Construction under way on a Florida Turnpike exchange. Joe Raedle/Getty 2019
The Florida Legislature’s controversial plan to build three major toll highways through rural landscapes is a “boondoggle” of the first order, says the U.S. Public Interest Research Group (PIRG), which named it among the nation’s top seven transportation boondoggles for the year.
Not so, says the Florida Department of Transportation, saying the PIRG report fails to acknowledge “important nuances” and the fact that the projects are early in the planning phases – maybe too early to be labeled as anything but legislatively authorized proposals.
“Much of the information featured [in the report] is based off of assumptions when understanding that the department is still in the very early planning phases of the M-CORES program,” wrote DOT Communications Director Beth Frady, replying to questions from the Phoenix.
M-CORES stands for Multi-use Corridors of Regional Economic Significance, a plan approved by the 2019 Legislature. It is moving ahead with the support of $90 million in the state’s 2020-21 budget – which Gov. Ron DeSantis signed in June after vetoing $1 billion of other projects to reflect revenue losses in the COVID-19 economy. The funding is virtually veto-proof and built into statutes to provide $100 million per year for several years to come.
The nonprofit public-interest research organization says in its sixth annual boondoggles report that M-CORES appears headed toward failure to meet its stated goals. Working with a team from Cornell Consulting, its analysis concludes the plans fail to demonstrate that new transportation would enhance hurricane evacuations or relieve traffic congestion.
“It’s a huge allocation of funds that could be used elsewhere,” said John Stout, transportation advocate with U.S. PIRG and a co-author of the boondoggles report, in an interview with the Phoenix.
The report says the estimated traffic usage would not generate enough toll revenue to make them economically feasible, a finding echoed by Florida TaxWatch, which estimated toll rates on the corridor it studied would have to be set dramatically higher than the average rate on state turnpikes.
At DOT, Frady argues that the boondoggles study and others critical of M-CORES “tend to ignore” the ability of the plan to integrate existing corridors, which would be dramatically cheaper than all-new construction. She said costs cannot be reliably estimated at this point because “the proposed corridors are yet to be determined” and because “traffic and revenue studies … have yet to be conducted.”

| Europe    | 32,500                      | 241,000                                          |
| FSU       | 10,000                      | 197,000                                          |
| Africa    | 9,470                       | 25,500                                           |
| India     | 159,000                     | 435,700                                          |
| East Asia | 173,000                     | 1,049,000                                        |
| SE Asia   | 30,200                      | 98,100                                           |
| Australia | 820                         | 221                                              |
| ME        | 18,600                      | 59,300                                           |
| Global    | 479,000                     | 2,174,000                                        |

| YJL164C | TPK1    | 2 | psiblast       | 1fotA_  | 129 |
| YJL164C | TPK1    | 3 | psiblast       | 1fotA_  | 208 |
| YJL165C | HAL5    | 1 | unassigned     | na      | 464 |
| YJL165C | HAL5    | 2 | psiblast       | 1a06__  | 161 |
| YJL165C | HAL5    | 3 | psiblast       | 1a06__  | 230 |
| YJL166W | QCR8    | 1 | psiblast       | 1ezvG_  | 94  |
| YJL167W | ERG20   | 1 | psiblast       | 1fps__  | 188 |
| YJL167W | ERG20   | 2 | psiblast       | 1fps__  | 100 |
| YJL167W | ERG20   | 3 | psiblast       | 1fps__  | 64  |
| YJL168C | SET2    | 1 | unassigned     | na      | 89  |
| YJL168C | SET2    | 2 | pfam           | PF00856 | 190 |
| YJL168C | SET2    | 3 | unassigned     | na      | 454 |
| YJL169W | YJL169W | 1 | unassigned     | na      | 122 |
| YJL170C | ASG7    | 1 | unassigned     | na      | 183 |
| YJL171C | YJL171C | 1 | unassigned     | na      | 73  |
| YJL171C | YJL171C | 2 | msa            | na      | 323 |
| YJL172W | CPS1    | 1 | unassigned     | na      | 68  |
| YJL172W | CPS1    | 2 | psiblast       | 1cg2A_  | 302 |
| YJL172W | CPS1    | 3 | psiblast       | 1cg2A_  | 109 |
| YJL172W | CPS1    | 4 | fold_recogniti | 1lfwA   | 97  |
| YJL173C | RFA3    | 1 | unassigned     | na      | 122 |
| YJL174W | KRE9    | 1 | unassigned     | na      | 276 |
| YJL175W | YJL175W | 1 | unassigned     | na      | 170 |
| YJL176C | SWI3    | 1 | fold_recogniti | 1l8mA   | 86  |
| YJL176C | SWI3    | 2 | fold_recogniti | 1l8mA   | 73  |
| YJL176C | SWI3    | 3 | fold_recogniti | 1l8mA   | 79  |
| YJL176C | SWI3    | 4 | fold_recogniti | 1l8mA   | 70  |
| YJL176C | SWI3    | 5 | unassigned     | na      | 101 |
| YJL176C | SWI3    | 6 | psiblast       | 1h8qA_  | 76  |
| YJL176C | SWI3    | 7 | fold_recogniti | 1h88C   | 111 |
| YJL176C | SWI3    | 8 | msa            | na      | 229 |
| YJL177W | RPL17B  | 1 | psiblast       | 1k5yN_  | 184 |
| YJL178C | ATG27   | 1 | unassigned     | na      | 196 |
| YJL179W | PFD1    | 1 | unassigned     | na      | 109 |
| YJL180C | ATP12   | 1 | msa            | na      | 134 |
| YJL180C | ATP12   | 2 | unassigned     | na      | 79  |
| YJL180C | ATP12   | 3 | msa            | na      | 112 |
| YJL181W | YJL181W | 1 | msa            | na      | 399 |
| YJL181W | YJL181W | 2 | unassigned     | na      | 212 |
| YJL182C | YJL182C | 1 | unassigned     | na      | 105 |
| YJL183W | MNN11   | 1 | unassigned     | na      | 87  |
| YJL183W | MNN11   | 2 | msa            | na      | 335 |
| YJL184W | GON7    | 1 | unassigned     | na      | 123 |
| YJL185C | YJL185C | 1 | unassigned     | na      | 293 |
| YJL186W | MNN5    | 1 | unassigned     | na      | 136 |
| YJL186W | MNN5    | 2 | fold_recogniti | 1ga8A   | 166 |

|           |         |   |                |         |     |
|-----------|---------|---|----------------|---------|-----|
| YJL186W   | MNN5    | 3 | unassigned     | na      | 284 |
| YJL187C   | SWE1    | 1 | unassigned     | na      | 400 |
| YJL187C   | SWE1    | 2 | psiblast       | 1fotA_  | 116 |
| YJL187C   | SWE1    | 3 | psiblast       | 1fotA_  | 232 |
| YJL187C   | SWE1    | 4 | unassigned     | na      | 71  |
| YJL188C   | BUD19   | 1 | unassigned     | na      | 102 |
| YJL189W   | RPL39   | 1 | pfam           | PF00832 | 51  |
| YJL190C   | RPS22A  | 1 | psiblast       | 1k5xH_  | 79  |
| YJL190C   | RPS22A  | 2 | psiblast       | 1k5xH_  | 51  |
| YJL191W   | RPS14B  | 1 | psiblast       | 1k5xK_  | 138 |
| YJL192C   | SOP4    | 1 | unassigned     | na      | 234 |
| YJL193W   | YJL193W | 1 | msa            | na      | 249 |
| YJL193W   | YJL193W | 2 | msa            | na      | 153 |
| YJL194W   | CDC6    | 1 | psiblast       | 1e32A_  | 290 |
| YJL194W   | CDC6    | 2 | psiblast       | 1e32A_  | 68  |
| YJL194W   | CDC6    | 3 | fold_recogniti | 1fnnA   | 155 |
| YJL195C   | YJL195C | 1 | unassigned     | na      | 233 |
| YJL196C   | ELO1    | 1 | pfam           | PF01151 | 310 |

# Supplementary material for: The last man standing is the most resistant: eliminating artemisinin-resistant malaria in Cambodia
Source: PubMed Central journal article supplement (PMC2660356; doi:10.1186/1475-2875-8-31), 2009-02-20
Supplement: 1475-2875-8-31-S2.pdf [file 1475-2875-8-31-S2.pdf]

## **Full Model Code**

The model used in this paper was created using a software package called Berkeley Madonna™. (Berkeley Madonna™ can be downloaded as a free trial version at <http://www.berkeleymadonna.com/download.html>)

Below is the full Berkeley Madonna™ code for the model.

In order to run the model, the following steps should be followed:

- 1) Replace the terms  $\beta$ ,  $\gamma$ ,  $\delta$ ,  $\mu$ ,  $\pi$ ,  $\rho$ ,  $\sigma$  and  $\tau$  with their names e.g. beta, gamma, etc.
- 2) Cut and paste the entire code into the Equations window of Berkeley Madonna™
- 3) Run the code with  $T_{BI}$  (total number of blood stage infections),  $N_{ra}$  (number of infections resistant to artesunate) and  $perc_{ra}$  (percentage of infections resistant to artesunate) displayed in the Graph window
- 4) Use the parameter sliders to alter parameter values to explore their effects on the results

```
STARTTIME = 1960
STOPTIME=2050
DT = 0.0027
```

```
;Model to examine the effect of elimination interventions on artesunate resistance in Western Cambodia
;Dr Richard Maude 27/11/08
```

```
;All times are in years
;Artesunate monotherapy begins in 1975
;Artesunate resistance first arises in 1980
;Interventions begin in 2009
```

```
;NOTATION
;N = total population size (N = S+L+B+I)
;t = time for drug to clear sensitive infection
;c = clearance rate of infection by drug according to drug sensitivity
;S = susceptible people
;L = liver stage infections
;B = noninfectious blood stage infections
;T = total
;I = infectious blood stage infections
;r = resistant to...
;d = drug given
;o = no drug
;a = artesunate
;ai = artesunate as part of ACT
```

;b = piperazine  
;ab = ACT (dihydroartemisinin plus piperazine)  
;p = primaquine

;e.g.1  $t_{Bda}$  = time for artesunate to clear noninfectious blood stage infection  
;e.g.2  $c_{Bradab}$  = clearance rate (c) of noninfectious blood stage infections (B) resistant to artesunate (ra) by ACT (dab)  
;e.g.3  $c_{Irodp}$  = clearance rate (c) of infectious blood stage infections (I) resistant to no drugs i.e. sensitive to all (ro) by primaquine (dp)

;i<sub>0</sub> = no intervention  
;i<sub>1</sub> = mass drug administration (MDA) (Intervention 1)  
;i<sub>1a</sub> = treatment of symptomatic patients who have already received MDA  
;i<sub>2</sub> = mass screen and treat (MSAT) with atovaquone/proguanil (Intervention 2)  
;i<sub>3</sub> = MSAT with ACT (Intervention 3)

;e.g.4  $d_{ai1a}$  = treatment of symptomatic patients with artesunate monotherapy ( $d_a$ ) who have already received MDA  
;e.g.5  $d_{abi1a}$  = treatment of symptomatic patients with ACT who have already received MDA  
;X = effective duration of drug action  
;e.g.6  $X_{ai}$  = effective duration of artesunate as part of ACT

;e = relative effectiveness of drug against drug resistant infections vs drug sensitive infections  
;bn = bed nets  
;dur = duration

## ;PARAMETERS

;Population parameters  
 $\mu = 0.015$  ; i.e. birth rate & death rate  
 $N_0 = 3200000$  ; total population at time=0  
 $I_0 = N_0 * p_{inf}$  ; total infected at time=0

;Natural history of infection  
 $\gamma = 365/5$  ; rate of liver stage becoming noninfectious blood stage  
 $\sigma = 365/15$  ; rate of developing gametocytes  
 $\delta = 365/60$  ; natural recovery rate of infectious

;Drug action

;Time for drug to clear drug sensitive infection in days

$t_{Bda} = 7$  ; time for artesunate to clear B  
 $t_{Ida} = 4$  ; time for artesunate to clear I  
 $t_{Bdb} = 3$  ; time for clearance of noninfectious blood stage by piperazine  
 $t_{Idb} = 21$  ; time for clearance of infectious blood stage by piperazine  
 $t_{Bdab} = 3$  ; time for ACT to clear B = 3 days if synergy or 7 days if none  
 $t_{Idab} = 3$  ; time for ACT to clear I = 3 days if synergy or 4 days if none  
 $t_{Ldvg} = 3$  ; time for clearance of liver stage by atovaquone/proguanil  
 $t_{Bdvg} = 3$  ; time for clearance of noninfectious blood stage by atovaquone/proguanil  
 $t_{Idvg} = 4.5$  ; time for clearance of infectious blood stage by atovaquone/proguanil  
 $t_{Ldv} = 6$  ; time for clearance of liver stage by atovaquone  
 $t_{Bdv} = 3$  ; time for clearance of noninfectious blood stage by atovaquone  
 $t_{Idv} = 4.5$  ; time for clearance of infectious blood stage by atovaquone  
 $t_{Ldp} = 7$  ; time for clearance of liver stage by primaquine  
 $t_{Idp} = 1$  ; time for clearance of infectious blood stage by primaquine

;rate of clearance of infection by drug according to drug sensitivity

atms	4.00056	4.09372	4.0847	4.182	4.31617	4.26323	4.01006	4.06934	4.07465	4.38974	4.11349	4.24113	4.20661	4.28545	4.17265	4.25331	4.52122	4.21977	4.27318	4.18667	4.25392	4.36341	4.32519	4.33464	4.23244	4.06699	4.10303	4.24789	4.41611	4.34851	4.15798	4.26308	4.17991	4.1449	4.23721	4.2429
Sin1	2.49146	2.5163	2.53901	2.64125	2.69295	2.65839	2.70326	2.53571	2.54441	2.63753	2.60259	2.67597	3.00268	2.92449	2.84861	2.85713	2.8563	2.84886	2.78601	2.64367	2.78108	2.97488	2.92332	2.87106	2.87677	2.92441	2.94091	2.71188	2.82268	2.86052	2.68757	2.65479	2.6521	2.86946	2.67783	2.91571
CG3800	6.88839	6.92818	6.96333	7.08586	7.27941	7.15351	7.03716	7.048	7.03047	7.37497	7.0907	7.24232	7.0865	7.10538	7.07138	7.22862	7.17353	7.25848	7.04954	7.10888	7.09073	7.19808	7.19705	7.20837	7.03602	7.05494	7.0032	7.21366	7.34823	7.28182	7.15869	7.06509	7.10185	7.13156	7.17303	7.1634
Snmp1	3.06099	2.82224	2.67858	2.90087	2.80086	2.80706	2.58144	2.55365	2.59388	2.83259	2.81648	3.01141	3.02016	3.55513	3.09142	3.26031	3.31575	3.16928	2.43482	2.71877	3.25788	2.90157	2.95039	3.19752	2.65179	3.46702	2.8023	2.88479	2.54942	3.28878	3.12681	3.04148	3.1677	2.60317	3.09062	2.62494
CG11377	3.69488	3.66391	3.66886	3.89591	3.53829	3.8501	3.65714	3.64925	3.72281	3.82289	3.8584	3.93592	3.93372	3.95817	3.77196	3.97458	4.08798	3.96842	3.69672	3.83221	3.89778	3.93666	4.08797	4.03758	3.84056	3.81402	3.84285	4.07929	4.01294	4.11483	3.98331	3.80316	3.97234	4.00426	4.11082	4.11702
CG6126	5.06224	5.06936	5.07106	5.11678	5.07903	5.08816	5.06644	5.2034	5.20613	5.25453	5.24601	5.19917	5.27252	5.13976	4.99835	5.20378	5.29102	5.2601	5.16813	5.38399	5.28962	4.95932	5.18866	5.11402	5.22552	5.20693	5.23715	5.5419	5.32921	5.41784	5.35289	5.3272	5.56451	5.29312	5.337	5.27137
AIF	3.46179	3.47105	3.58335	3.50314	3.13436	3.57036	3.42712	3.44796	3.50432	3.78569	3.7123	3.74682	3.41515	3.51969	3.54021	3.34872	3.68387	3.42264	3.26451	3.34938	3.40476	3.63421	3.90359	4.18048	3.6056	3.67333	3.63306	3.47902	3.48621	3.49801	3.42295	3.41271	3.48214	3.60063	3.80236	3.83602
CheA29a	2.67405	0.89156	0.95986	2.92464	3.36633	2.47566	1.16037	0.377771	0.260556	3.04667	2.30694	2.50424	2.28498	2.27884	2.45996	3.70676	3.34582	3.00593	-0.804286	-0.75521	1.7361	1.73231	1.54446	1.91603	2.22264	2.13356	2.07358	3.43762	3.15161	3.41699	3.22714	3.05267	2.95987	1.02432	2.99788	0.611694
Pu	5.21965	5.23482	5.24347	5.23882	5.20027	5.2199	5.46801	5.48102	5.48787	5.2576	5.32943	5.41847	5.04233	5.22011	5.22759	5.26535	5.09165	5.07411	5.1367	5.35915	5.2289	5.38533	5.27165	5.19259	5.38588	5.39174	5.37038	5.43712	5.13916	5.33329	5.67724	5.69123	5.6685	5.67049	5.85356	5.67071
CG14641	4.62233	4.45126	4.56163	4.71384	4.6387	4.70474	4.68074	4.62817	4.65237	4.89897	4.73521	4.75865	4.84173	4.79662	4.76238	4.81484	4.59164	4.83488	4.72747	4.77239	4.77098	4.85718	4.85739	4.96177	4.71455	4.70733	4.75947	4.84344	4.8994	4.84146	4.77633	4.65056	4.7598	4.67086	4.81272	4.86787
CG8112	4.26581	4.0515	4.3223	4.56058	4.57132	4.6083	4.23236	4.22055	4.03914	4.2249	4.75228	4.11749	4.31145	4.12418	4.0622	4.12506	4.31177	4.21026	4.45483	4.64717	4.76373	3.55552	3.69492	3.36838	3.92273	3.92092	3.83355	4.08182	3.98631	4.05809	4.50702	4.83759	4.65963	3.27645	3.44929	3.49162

As to cost estimates, PIRG says an analyses by Cornell Consulting, Sierra Club and 1000 Friends of Florida place the price tag between $10 billion and $26 billion.
“Although exact costs are not available, the highways would, by any account, be enormously expensive,” the report says.
Even newly inaugurated Senate President Wilson Simpson questions the project costs at this time, saying at the Senate’s Nov. 17 organizational session: “You have to ask yourself, can you afford that in this moment? And those are questions that will be asked.” Simpson succeeds Senate President Bill Galvano, who is considered the prime mover of the M-CORES legislation and its funding.
PIRG’s report also stresses that the highways would cut through vast tracts of rural Florida landscapes defined by sensitive land including springs, wetlands and wildlife habitat, including forests that are home to the last of Florida’s native panthers.
The DOT is well aware of those concerns, Frady wrote, and “has been very clear that protection of the Florida panther and the environment is paramount.”
Frady said future phases of the planning process will lead to identification of potential routes that will then be evaluated for environmental and financial feasibility. She said a no-build option is available.
On Nov. 15, Florida’s three M-CORES task forces (which include members of affected communities) submitted their reports, which questioned the potential benefits of the projects and cited significant public opposition to the plans.
All three reports concluded, in the same language: “ Given the potential transformational impact of the M-CORES Program on the future of Florida, the Task Force respectfully requests the Governor and Legislature to consider adjusting or removing the deadlines for
corridor construction and other milestones in statute to permit thorough analysis and additional thoughtful collaboration
on all key decisions.”
Agriculture and Consumer Affairs Commissioner Nikki Fried said then, “While I recognize the importance of long-range planning for future population growth and the need for economic development, I am troubled by M-CORES’ overwhelming lack of support, lack of demonstrated need, and the millions in general revenue diverted from a state budget facing economic shortfalls reminiscent of the Great Recession. … “We cannot afford to divert money into more toll roads while millions of Floridians continue to suffer.”
The M-CORES projects are identified as:
/ Suncoast Connector, extending from Citrus County to Jefferson County;
/ Northern Turnpike Connector, extending from the northern end of the Florida Turnpike northwest to the Suncoast Parkway;
/ Southwest-Central Florida Connector, extending from Collier County to Polk County.
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